A Classic Fish Chowder

Soup’s on! Its been a while since I’ve posted any soup recipes here. I suppose its all the warm weather we’ve been having lately. But, getting back to basics, here’s a Cod fish chowder that can also be made using haddock or pollack, or any light, firm-fleshed fish.

here’s what you’ll need:

  • 1 pound cod fish cut into pieces
  • 2 slices of thick cut bacon
  • 1 russet potato diced
  • 2 celery stalks chopped
  • 2 carrots chopped
  • 3 cups of fish stock… you do have fish stock yes?
  • 1 cup whole milk
  • 1 garni boquet of: thyme and parsley
  • 1 bayleaf

melt a little butter in a large pot and start browning the bacon. Add the fish stock, garni, potato and cook a few minutes until the potato starts to soften. Then add in the celery and carrots and let them cook a few minutes. Then, add in the fish and cook until the fish just cooks through and firms up becoming opaque.

Gently stir in the milk, add a touch of salt, and remove from the heat.

Let stand until the milk heats up then ladle into nice heavy bowls and I like to garnish with oyster crackers.. and a blue point lager.

 

Three Cans and a Plan

Three cans, a carrot, and a celery stalk walk into a bar… what to do… make salmon chowder. Salmon chowder is one of those winter comfort soups that really don’t take too long to whip up. I find that one of the best tips for making thick satisfying cream-based chowders is to cut the potatoes smaller than you normally would. I cut most of the potatoes into smaller than bite-size, but then I take one of the potatoes and dice it into small cubes. This releases much more starch into the chowder that helps to thicken it without adding fat laden cream or butter.

Here’s what you’ll need:

  • 12 ounce can salmon
  • 12 ounce can evaporated milk
  • 1 can corn
  • 1 tablespoons butter
  • 4 Long Island potatoes chopped
  • 1 Long Island potato diced
  • 2 celery stalks chopped
  • 2 carrots, diced
  • 1 onion diced
  • 1 garlic cloved, minced
  • 1/2 teaspoon ground black pepper
  • 1 teaspoon dried tarragon
  • 2 cup of water
  • Sea salt

Melt butter in a large pot over medium heat. Saute onion, celery, and garlic until onions are tender. Stir in water, potatoes, carrots, pepper, salt, and tarragon. Bring to a boil, and reduce heat. Cover, and simmer about half an hour..

Once this base comes together, stir in salmon, evaporated milk, and corn. Go through that can of salmon, don’t just open the can and toss it in. Nope! Go through the salmon and remover and bone or skin that often works its way into these cans. Cook until heated through.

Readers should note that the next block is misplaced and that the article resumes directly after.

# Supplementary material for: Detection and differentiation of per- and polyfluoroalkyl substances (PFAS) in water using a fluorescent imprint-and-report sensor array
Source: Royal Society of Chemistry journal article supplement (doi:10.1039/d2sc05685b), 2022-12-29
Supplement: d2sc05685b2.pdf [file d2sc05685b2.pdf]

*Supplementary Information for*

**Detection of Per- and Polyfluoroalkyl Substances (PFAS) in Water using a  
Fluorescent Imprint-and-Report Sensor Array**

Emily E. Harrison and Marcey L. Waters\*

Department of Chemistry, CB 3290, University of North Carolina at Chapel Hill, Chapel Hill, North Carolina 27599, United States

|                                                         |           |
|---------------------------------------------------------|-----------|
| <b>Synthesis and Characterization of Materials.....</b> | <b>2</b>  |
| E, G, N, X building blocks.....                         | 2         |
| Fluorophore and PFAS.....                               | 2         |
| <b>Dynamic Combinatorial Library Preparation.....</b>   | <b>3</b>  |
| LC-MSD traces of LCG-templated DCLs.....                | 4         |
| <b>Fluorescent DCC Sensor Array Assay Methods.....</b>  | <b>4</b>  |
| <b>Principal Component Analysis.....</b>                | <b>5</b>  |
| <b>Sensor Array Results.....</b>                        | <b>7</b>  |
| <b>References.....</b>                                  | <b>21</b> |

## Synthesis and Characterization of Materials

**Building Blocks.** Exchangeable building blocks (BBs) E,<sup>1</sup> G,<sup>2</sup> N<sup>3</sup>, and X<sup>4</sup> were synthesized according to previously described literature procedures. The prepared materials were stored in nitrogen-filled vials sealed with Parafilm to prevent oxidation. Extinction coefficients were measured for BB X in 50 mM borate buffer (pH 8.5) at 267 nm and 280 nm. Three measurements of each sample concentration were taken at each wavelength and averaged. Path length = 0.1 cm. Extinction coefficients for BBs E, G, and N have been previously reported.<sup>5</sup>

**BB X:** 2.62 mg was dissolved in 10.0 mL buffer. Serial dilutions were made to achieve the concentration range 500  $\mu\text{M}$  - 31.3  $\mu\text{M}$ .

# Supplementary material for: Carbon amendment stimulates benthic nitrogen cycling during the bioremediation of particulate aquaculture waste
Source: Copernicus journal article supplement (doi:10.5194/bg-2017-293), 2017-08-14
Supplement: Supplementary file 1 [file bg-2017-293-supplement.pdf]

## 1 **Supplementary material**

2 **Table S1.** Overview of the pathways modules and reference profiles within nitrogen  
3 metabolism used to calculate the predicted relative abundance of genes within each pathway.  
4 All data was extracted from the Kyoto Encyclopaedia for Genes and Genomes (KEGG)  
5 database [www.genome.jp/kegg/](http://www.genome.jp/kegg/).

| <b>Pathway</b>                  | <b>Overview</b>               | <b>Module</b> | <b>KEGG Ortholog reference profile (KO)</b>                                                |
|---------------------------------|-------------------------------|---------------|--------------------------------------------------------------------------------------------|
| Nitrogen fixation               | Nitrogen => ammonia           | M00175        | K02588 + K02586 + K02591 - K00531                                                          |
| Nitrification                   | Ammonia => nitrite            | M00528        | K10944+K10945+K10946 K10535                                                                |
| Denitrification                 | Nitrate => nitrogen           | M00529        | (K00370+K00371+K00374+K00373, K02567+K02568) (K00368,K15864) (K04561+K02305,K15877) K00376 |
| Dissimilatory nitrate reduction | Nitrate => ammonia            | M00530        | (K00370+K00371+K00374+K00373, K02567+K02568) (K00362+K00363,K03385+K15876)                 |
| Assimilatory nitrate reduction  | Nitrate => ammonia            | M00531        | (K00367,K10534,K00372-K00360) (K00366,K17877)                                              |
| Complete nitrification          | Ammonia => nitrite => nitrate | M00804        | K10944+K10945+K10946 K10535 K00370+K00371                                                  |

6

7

I like to serve this long with pumpernickel bread and an oatmeal stout beer right out of the jug from Blue Point brewery.

Comfort Soup – Split Pea

As the cold weather begins to creep in, and a new exorcism movie is making the rounds, I can hear the comforting call of a nice hot pot of pea soup. Yes, there is no greater friend to a ham hock than a piping pot of split peas.

What you’ll need:

  • 2 smoked ham hocks
  • 1 lb (2 1/4 cups) green split peas
  • 1 large onion, peeled and chopped
  • 2 celery stalks, chopped
  • 1 large leek, chopped
  • 1 large carrot, chopped
  • 1 large clove of garlic, halved
  • Salt and Pepper

Pick over the peas and remove any stones. Wash and drain peas. Place in a 4 quart pan with the vegetables ham hocks and 2 1/2 quarts of water. Bring to a simmer. Skim the top of the soup for several minutes clearing the froth that floats along. Cover and simmer about 1 1/2 hours until peas are tender, stirring occasionally in case they stick to the bottom of the pan.

Remove the ham hocks from the soup. Purée the soup with a blender;  I use my immersion blender right in the pot, its great for this; if you are using a regular blender, take care to work in batches and only fill the blender halfway if the soup is still hot, and hold down the lid while blending. If you want an exceptionally smooth soup, pass the purée through a sieve, but I prefer mine a bit on the lumpy side.

Remove the skin from the hocks and dice up the meat. At this point you can scour the fridge for any left over ham bits and pieces. This is one really good soup for using up those porcine scraps.

Add salt and pepper to taste. Ladle into warm bowls. I like to serve this with fresh warm pumpernickel bread.